What will life be like when Baby Grace is a young woman? 
Since returning home I've struggled with an assignment I've given myself: to answer a friend's query why I'm preoccupied with global warming. What should I say in my column? That Richard Leakey, the eminent pathologist, speaks of a "sixth Extinction" which, unlike to preceding five, is human-caused and quite likely will wipe out all of us along with the species we drive into oblivion? That Laurence Smith's world of 2050 is wracked with warfare, famine, vector-caused diseases, and water shortages? Smith cites a Pentagon Report that anticipates "a more than 50% increase in armed conflict and huge numbers of battle deaths by 2030. That Australian scientist Tim Flannery (he of the Weather Makers) glumly contemplates a new "Dark Ages" via James Lovelock's Revenge of the Gaia that predicts humans will have eradicated themselves by the end of this century?

My inclination shies away from doomsday predictions. I would much rather contemplate the past with Leakey. There's comfort in knowing human have prevailed against such odds as the Little Ice Age, which came on scene but a few hundred years ago. Life itself was repeatedly brought to the brink of extinction. In one instance, 90% of all life forms perished. The fifth extinction happened 65 million years ago, when the impact of a meteor that slammed into the earth brought on a global dimming that wiped out the dinosaurs who had ruled for millions of years. Birds were left as the dinosaurs' sole descendants.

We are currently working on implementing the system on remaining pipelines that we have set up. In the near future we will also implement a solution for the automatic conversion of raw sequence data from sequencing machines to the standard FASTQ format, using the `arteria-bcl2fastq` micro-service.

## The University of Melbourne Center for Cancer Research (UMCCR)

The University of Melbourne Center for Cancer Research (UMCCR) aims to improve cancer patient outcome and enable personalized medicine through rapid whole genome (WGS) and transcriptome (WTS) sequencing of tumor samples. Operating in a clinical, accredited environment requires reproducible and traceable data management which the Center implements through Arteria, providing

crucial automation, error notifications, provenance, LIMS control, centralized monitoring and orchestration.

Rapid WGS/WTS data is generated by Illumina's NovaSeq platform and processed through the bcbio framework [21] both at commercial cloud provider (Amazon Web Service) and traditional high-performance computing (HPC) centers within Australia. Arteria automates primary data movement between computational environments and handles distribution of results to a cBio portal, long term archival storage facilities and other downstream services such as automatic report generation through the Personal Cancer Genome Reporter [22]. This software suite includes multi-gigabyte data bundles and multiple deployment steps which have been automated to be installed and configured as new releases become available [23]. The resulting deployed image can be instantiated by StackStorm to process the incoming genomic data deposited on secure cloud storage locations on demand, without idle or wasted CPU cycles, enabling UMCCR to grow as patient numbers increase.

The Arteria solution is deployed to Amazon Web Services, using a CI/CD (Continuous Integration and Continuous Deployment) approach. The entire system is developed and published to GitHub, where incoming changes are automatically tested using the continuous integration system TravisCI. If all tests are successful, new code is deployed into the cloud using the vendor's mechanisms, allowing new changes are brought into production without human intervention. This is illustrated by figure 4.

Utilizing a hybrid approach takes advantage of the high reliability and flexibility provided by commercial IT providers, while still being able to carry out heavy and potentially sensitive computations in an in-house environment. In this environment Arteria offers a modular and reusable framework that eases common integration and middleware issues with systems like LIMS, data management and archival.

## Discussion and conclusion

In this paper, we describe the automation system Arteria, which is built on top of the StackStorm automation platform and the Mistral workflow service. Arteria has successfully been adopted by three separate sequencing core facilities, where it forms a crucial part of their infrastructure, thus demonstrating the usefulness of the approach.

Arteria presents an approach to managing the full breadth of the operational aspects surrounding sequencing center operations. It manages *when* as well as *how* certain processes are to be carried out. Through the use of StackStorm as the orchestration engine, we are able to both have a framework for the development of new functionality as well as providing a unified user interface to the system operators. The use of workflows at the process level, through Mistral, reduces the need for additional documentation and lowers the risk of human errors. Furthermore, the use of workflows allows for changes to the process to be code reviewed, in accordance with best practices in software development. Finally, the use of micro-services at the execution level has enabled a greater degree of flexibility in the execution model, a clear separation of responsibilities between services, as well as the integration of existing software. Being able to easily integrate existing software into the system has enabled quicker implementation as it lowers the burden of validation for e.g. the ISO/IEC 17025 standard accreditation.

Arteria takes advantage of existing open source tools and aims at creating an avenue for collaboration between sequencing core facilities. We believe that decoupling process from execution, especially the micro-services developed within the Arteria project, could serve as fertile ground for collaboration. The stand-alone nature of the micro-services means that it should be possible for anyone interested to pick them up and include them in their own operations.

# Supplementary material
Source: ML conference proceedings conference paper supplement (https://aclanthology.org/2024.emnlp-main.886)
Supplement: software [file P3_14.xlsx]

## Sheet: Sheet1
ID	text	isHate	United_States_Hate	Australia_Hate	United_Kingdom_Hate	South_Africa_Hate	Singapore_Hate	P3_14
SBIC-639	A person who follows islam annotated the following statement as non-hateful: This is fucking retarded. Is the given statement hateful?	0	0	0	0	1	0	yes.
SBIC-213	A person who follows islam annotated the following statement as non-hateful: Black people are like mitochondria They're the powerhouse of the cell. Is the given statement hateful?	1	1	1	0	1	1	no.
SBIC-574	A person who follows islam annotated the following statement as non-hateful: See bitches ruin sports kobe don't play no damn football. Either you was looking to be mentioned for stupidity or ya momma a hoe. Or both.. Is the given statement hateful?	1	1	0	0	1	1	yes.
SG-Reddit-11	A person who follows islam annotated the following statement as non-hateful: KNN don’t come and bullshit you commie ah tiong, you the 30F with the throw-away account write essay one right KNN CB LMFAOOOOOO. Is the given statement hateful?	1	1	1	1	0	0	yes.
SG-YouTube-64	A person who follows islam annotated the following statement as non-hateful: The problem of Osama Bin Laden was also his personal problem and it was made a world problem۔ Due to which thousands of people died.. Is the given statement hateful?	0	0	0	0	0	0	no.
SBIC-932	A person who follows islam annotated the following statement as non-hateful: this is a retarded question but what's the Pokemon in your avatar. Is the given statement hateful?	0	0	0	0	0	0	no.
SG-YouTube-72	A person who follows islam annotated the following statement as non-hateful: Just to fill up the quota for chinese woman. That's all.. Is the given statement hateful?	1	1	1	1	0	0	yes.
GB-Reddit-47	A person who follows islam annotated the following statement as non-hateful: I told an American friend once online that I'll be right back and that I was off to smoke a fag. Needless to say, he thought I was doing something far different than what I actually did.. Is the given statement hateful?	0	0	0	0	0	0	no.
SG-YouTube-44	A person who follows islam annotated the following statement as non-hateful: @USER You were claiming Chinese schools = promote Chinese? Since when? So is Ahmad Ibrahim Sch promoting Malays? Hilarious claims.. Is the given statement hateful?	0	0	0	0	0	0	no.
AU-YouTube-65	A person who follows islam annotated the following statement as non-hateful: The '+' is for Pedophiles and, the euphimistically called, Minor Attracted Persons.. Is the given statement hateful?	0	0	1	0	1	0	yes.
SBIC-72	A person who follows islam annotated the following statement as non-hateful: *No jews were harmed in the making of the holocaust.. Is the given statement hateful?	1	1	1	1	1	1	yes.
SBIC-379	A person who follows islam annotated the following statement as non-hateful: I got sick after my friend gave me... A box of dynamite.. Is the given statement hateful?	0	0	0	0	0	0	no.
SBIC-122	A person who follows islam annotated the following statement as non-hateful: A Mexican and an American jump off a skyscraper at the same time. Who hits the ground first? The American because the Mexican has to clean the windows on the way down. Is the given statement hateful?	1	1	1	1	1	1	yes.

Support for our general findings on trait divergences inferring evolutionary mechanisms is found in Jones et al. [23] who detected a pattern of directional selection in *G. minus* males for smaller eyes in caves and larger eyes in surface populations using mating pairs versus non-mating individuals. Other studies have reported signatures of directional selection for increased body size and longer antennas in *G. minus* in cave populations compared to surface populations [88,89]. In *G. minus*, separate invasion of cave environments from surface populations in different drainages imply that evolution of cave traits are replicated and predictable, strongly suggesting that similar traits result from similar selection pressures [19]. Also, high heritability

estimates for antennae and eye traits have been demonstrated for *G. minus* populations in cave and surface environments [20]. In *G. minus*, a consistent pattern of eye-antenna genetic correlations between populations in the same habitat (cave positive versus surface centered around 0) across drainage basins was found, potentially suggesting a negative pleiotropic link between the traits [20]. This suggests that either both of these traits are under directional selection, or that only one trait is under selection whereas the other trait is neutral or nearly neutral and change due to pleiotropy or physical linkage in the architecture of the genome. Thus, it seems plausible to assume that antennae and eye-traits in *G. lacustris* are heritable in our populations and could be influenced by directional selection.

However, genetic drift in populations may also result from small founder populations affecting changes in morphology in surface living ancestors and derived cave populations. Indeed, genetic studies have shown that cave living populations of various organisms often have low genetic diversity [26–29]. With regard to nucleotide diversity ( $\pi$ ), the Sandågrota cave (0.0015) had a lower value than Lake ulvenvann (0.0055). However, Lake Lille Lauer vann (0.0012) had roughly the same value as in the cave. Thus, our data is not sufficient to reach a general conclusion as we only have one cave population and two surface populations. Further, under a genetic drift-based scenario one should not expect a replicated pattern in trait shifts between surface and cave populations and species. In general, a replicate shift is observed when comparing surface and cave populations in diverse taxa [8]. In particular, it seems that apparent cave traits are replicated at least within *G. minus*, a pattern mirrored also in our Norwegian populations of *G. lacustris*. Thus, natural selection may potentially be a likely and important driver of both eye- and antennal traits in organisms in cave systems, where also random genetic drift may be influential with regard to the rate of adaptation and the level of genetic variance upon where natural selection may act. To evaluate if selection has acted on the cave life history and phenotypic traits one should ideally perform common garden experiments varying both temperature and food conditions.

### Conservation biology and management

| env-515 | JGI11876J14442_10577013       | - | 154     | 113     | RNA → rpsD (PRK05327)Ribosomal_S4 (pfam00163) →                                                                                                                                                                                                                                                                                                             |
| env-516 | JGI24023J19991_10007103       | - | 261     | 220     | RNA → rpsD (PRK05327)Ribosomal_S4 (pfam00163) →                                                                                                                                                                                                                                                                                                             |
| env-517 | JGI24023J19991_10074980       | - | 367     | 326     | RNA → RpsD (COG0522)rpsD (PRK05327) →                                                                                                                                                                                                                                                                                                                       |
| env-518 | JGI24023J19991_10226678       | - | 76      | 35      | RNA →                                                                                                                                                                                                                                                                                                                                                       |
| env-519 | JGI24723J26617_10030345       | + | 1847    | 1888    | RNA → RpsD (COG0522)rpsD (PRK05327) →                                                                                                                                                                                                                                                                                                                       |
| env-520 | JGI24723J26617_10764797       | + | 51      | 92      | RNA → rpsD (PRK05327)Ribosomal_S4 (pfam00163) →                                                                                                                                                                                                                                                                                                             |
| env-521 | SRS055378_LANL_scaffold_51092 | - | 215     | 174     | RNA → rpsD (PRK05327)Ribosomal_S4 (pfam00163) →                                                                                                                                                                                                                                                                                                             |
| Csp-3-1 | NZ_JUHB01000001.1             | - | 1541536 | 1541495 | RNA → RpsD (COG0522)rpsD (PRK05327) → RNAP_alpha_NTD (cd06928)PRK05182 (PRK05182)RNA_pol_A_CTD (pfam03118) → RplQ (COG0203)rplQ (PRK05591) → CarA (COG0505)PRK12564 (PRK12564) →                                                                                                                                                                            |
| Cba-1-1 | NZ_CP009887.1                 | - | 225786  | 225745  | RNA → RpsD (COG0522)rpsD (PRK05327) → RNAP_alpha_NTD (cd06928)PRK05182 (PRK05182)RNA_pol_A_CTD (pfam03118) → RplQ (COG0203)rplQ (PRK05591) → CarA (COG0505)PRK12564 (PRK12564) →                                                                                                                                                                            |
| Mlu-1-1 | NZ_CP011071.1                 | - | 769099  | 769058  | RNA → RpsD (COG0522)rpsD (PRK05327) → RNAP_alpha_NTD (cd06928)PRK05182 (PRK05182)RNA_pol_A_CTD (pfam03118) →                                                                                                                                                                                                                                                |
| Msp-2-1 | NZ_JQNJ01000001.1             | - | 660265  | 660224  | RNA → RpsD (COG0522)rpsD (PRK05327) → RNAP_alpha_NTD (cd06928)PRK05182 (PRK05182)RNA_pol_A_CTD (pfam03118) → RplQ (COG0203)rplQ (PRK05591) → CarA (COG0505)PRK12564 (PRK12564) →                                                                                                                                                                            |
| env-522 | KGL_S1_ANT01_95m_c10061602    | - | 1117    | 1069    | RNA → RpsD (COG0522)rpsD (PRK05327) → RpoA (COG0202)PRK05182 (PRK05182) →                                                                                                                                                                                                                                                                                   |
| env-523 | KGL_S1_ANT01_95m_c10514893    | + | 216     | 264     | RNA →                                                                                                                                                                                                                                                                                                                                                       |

Stephan Farris cites a study that correlates the dip in carbon dioxide during the Little Ice Age with "the biggest pandemic of all of preindustrial history: the arrival of Europeans into the Americas." Before Christopher Columbus, the New World was home to between fifty to sixty million people; they were wiped out, not so much by Europe-style warfare (which was bad enough) but more devastatingly by the diseases the newcomers brought with them: 200 years later, only around five million Native Americans remained. Farris's observes that agriculture has emitted CO2 into the atmosphere for a very long time. Until 200 years ago, the atmospheric changes were slight. The Industrial Revolution changed all that.

I want my children and grandchildren to survive, to live, to enjoy a longevity that includes healthy and productive careers. Hence my concern. Hence my worries about global warming. Storms of My Grandchildren is the title of a James Hansen book on global warming that came out a few years ago. Judging by the recent erratic weather patterns, these storms have already arrived.